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Just office banter? Why it’s not always a joking matter

Employers should remember that office banter must never go too far – even though a tribunal has ruled that a sacked salesman, called a “fat ginger pikey” by his colleagues in an office where “jibing and teasing” were commonplace, was not the victim of harassment.

David Evans, who worked for the global software company Xactly Corporation Ltd, said he was insulted by workmates because of references to his illness-related weight gain and ethnic background.

This included, he said, being compared to the Lord of the Rings character Gimli the dwarf, being called a ‘fat Yoda’ and being dubbed a ‘salad dodger’ at least ten times in eight months by his bosses.

Poor sales record

He was fired, according to his employer, because he had not made any sales in more than 11 months of employment and had refused to take any advice or guidance from his manager.

But Mr Evans claimed he had been unfairly dismissed on the grounds of disability and race discrimination under the Equality Act 2010.

An employment tribunal dismissed his claim and the Employment Appeals Tribunal (EAT) backed its decision, finding that Mr Evans had not suffered harassment, victimisation or discrimination when he was sacked from his job.

‘Active participant in inappropriate comments’

Although Mr Evans claimed it was his race – he said he was brought up by a Traveller family – together with, diabetes and thyroid-related weight gain which made him the target of cruel jibes, it was found that he couldn’t show a link between his illness and putting on weight.

Crucially, all the indications were that he was not upset by the comments at the time. Mr Evans was a regular, active and enthusiastic participant in office banter and “inappropriate comments” and was “seemingly comfortable with the office culture and environment.”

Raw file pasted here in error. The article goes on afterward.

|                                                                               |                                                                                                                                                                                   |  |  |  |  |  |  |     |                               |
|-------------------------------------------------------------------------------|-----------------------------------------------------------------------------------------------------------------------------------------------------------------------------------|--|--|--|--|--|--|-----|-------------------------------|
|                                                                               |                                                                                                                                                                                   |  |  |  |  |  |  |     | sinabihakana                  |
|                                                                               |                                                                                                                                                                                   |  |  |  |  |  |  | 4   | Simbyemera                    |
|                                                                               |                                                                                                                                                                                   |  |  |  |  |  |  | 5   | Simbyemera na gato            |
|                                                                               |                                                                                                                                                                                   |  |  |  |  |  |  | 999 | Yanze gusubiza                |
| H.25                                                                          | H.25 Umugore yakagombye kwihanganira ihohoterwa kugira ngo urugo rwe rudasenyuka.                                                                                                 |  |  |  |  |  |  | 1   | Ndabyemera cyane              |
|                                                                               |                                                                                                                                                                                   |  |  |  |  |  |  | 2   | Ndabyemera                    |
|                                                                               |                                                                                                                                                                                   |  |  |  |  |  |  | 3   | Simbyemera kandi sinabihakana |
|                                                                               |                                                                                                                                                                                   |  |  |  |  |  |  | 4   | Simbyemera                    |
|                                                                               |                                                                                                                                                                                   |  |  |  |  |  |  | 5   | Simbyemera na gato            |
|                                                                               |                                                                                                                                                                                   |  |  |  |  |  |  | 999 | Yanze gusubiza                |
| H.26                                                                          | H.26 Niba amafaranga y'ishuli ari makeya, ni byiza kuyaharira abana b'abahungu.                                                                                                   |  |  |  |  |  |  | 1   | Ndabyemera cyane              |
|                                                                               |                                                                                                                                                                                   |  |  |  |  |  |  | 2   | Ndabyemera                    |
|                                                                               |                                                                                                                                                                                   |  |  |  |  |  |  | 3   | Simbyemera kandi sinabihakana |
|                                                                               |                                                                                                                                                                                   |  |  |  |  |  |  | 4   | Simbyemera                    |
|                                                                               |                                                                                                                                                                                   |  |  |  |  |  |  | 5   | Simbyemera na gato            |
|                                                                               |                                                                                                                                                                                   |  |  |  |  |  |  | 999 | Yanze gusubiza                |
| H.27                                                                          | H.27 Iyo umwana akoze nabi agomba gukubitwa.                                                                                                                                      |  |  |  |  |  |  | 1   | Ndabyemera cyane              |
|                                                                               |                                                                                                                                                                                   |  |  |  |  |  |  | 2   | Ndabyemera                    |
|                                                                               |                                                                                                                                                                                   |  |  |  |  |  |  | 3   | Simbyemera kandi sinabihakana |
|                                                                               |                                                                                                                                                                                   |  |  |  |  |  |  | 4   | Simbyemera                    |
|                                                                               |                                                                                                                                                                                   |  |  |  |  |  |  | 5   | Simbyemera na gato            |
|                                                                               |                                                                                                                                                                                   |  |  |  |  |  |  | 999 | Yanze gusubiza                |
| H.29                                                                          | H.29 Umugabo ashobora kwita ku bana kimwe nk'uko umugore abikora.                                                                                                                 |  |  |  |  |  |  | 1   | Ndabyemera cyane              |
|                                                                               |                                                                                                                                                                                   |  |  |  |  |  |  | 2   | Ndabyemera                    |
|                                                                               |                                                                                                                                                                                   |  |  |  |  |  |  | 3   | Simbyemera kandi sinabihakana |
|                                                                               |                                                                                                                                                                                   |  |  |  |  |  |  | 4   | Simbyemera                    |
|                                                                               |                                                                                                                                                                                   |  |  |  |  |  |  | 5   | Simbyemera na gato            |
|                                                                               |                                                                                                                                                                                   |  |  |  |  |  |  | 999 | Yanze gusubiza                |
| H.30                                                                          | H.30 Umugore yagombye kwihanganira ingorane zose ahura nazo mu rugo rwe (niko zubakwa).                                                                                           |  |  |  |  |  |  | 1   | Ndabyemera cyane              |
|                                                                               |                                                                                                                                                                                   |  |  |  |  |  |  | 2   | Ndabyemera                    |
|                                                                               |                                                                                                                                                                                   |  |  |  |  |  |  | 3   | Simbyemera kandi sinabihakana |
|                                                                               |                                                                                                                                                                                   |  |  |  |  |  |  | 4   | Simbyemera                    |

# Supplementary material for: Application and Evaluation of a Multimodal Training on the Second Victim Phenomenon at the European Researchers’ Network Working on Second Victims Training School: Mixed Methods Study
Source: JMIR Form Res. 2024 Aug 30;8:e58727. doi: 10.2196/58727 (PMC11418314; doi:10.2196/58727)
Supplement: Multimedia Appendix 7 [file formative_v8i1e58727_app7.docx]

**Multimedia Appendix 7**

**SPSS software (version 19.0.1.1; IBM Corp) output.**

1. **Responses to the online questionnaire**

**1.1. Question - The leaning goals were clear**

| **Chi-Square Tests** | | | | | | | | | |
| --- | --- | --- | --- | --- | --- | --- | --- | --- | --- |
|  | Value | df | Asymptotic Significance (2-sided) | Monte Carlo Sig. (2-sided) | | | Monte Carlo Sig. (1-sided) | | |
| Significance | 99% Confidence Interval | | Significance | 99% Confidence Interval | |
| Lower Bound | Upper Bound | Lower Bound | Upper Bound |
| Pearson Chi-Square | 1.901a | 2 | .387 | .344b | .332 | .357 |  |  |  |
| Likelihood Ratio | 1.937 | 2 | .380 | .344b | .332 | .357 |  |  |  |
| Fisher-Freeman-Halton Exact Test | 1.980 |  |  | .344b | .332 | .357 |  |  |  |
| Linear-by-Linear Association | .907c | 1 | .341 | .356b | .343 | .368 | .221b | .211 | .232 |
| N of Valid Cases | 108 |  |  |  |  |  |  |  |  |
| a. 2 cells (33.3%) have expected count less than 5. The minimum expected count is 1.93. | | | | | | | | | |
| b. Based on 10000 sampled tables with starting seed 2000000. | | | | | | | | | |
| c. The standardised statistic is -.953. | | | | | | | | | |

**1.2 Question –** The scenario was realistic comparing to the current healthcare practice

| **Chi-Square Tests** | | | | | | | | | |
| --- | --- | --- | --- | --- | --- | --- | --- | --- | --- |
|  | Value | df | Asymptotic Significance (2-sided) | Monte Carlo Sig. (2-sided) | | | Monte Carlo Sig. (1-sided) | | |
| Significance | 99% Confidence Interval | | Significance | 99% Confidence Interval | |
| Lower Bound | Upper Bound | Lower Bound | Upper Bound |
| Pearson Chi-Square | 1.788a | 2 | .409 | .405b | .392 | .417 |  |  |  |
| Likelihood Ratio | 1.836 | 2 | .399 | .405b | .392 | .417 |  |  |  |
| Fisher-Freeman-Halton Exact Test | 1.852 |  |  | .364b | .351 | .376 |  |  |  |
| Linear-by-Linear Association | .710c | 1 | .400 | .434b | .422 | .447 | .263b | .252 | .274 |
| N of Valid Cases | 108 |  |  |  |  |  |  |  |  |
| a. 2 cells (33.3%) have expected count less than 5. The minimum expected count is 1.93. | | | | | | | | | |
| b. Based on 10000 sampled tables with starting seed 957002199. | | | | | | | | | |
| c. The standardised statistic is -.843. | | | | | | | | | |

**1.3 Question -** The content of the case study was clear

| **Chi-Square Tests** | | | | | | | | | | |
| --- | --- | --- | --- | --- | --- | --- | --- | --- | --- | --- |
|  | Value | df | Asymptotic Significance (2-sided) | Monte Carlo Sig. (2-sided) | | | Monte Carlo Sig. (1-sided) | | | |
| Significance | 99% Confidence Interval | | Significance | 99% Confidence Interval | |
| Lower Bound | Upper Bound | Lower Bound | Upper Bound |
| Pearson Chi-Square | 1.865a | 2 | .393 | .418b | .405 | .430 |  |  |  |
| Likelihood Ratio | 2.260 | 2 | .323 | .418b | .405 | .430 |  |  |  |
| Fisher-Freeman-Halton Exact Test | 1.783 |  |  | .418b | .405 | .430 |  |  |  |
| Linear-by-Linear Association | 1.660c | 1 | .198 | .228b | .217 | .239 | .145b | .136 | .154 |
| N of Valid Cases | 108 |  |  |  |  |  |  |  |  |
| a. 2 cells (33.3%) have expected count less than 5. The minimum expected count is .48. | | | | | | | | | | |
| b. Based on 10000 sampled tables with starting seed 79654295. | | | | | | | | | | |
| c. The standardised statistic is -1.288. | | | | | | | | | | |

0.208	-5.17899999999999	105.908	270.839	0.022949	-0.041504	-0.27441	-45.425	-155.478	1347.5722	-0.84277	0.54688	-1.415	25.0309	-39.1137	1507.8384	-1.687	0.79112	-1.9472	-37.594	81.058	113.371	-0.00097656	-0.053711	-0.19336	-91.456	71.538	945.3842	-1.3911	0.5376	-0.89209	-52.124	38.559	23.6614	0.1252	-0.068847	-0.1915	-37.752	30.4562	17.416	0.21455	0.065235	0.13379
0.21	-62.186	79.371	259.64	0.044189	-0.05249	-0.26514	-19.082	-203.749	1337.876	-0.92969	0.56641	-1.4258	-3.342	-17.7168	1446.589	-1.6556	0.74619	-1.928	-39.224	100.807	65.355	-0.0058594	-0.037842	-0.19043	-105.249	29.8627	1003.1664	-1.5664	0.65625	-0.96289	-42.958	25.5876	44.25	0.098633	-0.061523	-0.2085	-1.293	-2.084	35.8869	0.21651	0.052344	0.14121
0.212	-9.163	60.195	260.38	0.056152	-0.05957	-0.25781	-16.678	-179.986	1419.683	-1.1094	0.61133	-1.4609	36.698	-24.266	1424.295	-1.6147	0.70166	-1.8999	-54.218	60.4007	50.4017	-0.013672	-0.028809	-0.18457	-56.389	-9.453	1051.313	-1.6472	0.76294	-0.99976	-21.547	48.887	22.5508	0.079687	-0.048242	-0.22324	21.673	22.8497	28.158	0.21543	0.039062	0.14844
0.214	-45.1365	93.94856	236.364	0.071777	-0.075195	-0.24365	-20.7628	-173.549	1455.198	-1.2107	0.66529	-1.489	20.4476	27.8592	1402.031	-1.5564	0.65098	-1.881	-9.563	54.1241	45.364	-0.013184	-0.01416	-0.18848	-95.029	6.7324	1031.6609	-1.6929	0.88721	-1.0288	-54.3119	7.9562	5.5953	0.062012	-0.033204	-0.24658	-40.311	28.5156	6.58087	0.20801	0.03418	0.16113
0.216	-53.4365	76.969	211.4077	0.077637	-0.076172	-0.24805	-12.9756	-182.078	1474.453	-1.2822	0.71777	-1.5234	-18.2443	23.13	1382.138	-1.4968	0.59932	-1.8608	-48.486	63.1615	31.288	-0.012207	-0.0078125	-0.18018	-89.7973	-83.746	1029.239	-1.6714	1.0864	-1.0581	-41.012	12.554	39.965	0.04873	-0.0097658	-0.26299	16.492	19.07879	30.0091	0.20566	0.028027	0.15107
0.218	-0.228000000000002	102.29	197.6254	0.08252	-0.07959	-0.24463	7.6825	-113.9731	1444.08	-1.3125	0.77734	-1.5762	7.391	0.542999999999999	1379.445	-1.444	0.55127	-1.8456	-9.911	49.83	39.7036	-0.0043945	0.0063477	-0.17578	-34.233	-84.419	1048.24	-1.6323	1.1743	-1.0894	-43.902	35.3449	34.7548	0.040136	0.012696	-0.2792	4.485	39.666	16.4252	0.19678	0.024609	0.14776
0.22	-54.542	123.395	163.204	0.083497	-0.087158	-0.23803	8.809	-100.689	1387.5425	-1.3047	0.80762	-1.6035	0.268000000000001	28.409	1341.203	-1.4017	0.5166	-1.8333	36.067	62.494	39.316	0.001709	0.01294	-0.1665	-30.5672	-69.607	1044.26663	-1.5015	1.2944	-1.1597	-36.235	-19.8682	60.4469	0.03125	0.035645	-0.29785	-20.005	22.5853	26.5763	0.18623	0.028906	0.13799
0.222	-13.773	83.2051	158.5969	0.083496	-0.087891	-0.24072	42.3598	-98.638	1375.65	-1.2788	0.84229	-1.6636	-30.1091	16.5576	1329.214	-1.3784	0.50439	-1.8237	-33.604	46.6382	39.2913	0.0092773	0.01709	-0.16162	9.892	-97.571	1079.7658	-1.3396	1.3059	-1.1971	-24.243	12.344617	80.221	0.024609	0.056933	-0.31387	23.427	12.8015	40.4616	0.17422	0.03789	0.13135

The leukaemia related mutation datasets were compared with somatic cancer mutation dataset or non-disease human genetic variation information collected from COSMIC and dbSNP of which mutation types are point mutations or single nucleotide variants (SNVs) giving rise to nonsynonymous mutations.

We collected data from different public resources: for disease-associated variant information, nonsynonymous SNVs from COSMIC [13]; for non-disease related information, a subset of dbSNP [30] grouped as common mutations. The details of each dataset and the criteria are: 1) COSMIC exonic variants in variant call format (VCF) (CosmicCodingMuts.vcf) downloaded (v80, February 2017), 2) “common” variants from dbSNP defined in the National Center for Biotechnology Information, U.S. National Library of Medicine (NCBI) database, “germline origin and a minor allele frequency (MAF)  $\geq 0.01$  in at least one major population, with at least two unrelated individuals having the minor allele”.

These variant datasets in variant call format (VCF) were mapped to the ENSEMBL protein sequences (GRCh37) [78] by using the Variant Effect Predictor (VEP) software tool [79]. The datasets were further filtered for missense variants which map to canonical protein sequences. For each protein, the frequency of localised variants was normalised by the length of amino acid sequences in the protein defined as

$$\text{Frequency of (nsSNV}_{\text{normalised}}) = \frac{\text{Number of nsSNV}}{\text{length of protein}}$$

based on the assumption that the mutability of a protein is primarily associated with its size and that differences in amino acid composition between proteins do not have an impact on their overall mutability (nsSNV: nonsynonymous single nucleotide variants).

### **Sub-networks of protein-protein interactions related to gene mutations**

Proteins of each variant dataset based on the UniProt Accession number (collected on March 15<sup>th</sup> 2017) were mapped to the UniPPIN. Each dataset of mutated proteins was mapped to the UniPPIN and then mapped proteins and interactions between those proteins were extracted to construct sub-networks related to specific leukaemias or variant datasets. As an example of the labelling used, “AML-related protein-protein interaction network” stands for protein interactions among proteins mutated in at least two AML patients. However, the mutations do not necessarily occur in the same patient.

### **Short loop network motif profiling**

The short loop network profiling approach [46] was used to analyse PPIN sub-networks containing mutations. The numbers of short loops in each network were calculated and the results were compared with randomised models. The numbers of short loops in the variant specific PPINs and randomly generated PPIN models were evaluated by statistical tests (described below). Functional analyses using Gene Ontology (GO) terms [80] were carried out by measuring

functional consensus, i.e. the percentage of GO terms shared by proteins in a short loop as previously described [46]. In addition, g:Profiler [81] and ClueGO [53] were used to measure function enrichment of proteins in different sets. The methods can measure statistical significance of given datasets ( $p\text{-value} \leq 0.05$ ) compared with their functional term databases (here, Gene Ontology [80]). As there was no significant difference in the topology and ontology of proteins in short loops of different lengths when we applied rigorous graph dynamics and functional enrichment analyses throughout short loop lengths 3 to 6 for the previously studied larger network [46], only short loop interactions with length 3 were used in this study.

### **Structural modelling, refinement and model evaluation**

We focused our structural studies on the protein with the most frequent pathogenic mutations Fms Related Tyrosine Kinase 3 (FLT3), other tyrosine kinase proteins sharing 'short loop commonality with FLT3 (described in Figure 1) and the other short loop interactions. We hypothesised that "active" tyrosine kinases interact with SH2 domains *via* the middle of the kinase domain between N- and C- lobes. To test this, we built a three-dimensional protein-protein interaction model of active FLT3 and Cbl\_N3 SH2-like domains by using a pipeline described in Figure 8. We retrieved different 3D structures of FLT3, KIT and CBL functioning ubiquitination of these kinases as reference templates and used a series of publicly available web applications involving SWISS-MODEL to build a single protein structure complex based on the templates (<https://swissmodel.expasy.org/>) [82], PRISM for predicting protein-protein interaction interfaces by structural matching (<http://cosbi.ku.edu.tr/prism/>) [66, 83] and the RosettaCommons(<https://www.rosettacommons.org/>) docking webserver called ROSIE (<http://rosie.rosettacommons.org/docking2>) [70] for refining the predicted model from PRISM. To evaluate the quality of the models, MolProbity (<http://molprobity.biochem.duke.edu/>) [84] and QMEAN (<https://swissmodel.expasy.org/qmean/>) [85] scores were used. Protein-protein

And whilst concluding that in different circumstances the comments made about him could have constituted discrimination or harassment, the EAT noted such claims were “highly fact sensitive and context specific”.

It added: “The claimant did not advance any arguments which could possibly lead us to conclude that the reason he was disciplined and then dismissed was his disability or race.

“The reason he was dismissed is very clear, cogent and consistent with the treatment of other staff who failed to make sales.”

Advice for employers

This case certainly doesn’t mean it’s safe to turn a blind eye to potentially discriminatory banter in the office.

The key question is what is the reason for the dismissal? In this case the tribunals considered the office culture and the context of the allegations as well as workplace relationships and behaviour. Every case will turn on its own specific facts.

It is vital to make sure all policies and procedures are up to date, that employees and workers are aware of what is expected of them in the workplace and that there is a robust complaint investigation process in place.

For help and guidance about this area of the law, please contact Wards Solicitors’ Business Employment team or Julia Beasley directly.

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